The Pioneer Editorial, June 17, 1998
It might seem an ecological impossibility, but the beautiful, life-affirming river Ganga might actually disappear sometime in the hypothetical expanse of time future. This is not a science fiction sub-plot or a mythical prediction. This is a fear which has been haunting environmentalists and scientists over the years. However, it seems their pleas and warnings to prevent this from happening have not stirred an apparently apathetic officialdom. Now that the danger signals are being heard loud and clear, right from Gaumukh and Gangotri-the mouth of this civilisational river and its Himalayan origin-it would be tragic to ignore the impending disaster with which it is faced. Glaciology experts have reinforced what is common knowledge in the hills-that the Gangotri glacier has been receding at an alarmingly rapid rate. Situated at about 7,000 metres above the sea level, the glacier is shrinking by 10 to 30 metres every year since the last 50 years. Defence personnel posted in the area have confirmed that the glacier has retreated faster in the past decade. Recent Geological Survey of India studies have revealed that the recession, which actually begun in 1935 at a reasonably slow rate, increased by two-and-a-half times between 1956 to 1962 and by five times during the 1962-71 period. Way back in 1842, British scientists had found that the source of the river was situated two metres downstream. It is evident that if this process of retreat continues, the river might die a slow, inexorable death in the next few thousand years.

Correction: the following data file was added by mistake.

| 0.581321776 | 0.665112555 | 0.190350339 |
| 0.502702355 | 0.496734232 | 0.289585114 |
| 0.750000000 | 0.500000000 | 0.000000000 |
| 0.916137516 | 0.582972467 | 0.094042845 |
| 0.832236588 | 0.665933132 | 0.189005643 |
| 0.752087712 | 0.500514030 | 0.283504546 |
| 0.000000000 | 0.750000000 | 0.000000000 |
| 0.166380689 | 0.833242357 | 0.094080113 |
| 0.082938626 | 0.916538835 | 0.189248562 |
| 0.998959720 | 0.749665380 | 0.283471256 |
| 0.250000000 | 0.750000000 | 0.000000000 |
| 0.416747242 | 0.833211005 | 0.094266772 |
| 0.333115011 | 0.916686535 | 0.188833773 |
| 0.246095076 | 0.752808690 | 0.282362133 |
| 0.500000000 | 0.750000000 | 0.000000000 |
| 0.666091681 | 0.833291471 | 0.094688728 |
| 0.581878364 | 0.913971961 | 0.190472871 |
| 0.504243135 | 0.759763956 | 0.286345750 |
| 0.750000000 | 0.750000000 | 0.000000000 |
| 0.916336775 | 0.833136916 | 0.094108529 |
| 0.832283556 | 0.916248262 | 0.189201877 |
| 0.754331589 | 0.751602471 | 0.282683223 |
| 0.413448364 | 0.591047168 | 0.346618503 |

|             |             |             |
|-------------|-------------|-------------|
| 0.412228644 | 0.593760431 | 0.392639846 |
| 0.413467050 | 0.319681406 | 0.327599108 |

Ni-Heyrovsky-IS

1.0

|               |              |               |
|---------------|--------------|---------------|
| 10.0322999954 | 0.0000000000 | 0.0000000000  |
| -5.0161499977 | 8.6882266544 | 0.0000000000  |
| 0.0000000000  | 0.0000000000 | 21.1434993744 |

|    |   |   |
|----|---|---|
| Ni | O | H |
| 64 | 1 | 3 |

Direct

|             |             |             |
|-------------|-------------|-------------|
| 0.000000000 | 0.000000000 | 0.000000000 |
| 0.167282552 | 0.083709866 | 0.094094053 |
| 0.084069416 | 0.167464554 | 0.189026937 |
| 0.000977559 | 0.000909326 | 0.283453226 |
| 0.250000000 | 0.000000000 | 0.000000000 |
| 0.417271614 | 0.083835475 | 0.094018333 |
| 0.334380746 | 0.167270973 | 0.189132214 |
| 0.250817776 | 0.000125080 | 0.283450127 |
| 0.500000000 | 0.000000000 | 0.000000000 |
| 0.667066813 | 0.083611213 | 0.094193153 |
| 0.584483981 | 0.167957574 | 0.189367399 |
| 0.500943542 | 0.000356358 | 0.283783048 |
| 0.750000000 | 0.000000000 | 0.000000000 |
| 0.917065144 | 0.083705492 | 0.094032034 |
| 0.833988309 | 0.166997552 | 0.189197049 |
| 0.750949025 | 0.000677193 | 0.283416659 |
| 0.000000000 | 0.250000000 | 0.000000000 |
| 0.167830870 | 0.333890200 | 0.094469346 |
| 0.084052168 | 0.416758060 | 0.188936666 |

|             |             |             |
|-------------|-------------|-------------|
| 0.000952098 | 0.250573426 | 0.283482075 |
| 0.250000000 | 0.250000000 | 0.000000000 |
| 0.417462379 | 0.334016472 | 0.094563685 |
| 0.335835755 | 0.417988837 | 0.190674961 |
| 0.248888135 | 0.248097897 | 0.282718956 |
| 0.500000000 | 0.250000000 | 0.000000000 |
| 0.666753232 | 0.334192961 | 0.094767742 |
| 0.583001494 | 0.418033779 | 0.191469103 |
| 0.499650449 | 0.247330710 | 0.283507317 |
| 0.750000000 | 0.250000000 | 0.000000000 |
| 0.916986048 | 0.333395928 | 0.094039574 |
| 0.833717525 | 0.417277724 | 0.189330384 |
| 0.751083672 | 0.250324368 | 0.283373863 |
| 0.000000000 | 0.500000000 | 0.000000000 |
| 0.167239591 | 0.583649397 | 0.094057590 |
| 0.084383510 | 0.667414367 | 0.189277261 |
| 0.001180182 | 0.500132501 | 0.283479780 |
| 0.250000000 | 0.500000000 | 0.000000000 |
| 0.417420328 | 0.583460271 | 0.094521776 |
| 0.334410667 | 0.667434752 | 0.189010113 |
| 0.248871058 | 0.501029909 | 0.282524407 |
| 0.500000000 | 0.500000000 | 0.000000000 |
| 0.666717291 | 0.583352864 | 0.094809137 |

While global warming is considered the basic cause of this gradual melt-down of one of the largest glaciers in the Himalayas, unceasing pollution and deforestation have worsened the scenario. The 18-km zone between Gangotri and Gaumukh, which was once rich in bio-diversity, lies barren today, littered with plastic, polythene, throw-away bottles and non-biodegradable remnants of modern tourism and pilgrimages. Dhabas close to the source of the river too add to the pollution. Local opinion leaders have been seeking a ban on tourism in this area so that nature can heal itself, but the authorities seem to have neither the concern nor the vision. The dark side of this divine reality is that despite being iconised by millions, Ganga is in a state of decay. In its incredibly long journey to the Bay of Bengal, this river is being reduced to carry half-burnt corpses, sewage, municipal and industrial waste, chemical effluents, pesticide residue and other morbid substances which urban societies and industries along its shore dump into it. Besides, this is one river which also carries the filth of other rivers and tributaries which merge in it, including heavily polluted rivers like the Yamuna, Gomti and Damodar. The fact that the multi-crore, much-hyped Ganga Action Plan could not fulfill even half of its agenda, is a pointer to the fact that the river which sustained the cradle of an ancient civilisation is being pushed to the brink. Timely action from the authorities alone can change the course of no return that the Ganga seems to be taking.